Registration is open for the Professional Development Seminar!
Boulder, Colorado | September 9-12
Visit www.apbppds.org | Early registration extended through 7-19-13
As the Professional Development Seminar (PDS) takes shape, we offer tantalizing glimpses of the program:
- Come early for preconference workshops on Bike Counting (classroom; $50) and Boulder by Bike (mobile; $60). For very modest fees, you can transfer the combined expertise of Boulder and Colorado DOT professionals into your own brain. Or you can spend the afternoon at the Valmont Urban Mountain Bike Park—on a bike—after a morning spent learning how to bring a similar facility to your community.
- The Boulder Local Host Committee created a menu of mobile sessions that includes 10 choice walking and bicycle tours. Experience Boulder’s on-street bike facilities and downtown pedestrian spaces, the Boulder Creek Path, a Walk Audit, and much more.
- 15+ three-hour classroom sessions. Here’s one to consider: "Winter Maintenance: Best Practices in Culture, Policy and Practicalities” will provide a review of plans and policies for snow removal on cycling networks in major North American cities, a discussion of climate, equipment and practical considerations, and an equipment showcase. Yes, you might get to play with a snowplow.
Visit www.apbppds.org and make your plans soon. The hotel room block is good through August 15; great rooms at great rates will go fast. Don’t delay.
Indianapolis Cultural Trail Officially Opens; Get the Scoop at the APBP/NACTO webinar on June 26
StreetFilms writes: "In May, the Indianapolis Cultural Trail, a bike and pedestrian path connecting some of Indy's most popular cultural institutions, had its long-awaited public coming out with a ribbon cutting and celebration. It's one of the biggest bicycling infrastructure achievements in North America, and yet it's still practically a secret…The Cultural Trail runs eight fantastic miles through the heart of downtown and features beautiful stone work, green landscaping and even bioswales to absorb stormwater runoff. There is great signage and trail design with an eye for maximum safety. In many places, parking and/or a car travel lane was converted to trail space…Across the U.S. cities such as NYC, Chicago, and Washington are doing tremendous work installing miles of protected bike lanes with inexpensive materials. Although the Cultural Trail cost quite a bit, it's nice to know that to find extensive downtown bike infrastructure made with beautiful, permanent materials, we don't have to look to Europe. We can go check out Indianapolis.” Watch StreetFilms 8-minute video here: http://www.streetfilms.org/the-indianapolis-cultural-trail/ (and check out the separate video about stormwater management along the trail).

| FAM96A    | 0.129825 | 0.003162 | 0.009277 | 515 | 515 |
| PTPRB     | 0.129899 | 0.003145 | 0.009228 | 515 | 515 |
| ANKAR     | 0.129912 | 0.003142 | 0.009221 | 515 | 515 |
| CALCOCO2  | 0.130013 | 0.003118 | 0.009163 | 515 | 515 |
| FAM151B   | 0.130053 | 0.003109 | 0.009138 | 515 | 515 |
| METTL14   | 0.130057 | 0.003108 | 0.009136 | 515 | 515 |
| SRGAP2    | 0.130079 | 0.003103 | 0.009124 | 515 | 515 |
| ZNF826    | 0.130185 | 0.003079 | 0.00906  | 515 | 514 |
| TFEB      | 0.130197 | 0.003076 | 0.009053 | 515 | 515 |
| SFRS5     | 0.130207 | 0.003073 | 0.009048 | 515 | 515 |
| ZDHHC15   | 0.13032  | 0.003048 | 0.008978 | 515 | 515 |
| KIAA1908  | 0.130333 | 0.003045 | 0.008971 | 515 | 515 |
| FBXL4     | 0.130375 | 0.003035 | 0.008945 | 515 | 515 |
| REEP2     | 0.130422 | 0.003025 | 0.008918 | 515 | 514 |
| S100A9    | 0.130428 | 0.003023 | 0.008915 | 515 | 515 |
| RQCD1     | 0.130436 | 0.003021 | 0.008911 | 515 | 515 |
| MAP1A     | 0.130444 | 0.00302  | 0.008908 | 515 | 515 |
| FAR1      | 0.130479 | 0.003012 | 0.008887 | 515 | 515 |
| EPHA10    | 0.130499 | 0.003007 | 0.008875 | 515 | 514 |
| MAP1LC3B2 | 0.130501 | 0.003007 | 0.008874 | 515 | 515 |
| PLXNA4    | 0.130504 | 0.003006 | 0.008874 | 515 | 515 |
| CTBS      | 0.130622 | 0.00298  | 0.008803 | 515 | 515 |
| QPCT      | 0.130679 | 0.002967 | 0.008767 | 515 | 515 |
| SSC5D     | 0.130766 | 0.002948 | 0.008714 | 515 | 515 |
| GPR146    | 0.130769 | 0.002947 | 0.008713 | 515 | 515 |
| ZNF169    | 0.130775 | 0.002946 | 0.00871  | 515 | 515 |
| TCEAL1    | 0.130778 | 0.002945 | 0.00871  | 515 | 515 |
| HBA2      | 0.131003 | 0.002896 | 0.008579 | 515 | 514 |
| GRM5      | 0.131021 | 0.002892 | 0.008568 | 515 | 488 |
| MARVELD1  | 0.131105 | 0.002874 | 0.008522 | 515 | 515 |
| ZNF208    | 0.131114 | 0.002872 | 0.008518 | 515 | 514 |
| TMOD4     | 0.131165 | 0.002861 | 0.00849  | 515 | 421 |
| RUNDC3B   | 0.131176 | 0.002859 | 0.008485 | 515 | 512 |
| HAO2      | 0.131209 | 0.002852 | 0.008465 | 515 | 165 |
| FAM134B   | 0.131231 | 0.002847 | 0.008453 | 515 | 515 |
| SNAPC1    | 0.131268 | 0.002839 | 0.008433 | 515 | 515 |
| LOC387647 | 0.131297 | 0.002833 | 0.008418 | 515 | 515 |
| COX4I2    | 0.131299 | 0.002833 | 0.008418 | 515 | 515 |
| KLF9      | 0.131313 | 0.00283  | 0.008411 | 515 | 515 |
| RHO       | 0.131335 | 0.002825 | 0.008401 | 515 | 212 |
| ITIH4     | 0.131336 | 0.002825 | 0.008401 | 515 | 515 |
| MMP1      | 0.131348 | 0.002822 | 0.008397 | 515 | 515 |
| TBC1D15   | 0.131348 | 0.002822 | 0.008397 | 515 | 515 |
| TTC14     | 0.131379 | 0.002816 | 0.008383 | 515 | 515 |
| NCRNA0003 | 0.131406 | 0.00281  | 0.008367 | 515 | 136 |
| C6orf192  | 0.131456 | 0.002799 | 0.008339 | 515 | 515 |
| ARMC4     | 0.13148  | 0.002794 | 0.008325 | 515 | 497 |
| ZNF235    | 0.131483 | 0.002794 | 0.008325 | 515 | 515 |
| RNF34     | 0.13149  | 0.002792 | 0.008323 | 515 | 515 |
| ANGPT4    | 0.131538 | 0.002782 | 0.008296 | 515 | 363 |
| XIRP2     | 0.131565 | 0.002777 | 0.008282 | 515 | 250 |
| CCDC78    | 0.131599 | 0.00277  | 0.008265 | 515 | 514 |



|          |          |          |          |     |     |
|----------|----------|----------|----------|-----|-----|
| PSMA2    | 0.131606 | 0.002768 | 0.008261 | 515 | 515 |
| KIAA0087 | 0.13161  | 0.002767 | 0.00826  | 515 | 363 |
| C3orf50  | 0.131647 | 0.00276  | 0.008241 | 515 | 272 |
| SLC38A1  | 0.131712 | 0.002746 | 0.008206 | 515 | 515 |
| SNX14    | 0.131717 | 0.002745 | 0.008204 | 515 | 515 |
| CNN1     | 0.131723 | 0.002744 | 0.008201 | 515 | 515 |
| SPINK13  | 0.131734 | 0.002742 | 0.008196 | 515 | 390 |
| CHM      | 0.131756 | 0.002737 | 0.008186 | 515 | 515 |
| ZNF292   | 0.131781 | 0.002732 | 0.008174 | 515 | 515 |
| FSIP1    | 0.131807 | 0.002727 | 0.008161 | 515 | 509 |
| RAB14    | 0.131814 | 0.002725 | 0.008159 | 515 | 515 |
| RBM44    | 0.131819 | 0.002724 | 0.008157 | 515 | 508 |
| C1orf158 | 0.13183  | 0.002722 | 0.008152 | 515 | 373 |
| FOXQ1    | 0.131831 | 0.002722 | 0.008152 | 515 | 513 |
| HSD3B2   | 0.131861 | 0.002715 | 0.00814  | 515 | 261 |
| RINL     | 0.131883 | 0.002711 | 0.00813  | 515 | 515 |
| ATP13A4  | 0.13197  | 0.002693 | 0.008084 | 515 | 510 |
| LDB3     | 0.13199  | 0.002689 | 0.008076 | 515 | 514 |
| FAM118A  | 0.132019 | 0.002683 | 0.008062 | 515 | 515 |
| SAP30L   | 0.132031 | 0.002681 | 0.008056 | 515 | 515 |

[Kit Keller’s note to APBP members: If your budget permits, please support StreetFilms. APBP just did! Clarence Eckerson Jr. is to film what Dan Burden is to photography: he brilliantly offers up a visual language that inspires us while defining walkable, bicycle-friendly places. Donate here: http://www.streetfilms.org/]
The Indy Cultural Trail is featured in the June 26 webinar produced by APBP and NACTO, "Next Generation Bikeway Design”, which focuses on the design issues of raised cycle tracks and also includes an example from Portland, Oregon. Register here for the webinar: http://www.apbp.org/event/NACTO_Guide_3
> Advocacy Advance announces a new tool, the "Find It, Fund It” interactive search tool to help advocates and agency staff identify MAP-21 funding programs for which biking and walking projects are eligible. The tool "centralizes and simplifies information about funding eligibility. It aims to connect people interested in getting infrastructure or other programs funded with all potential federal funding sources that can be utilized towards those interests.” http://tinyurl.com/l4yfpbj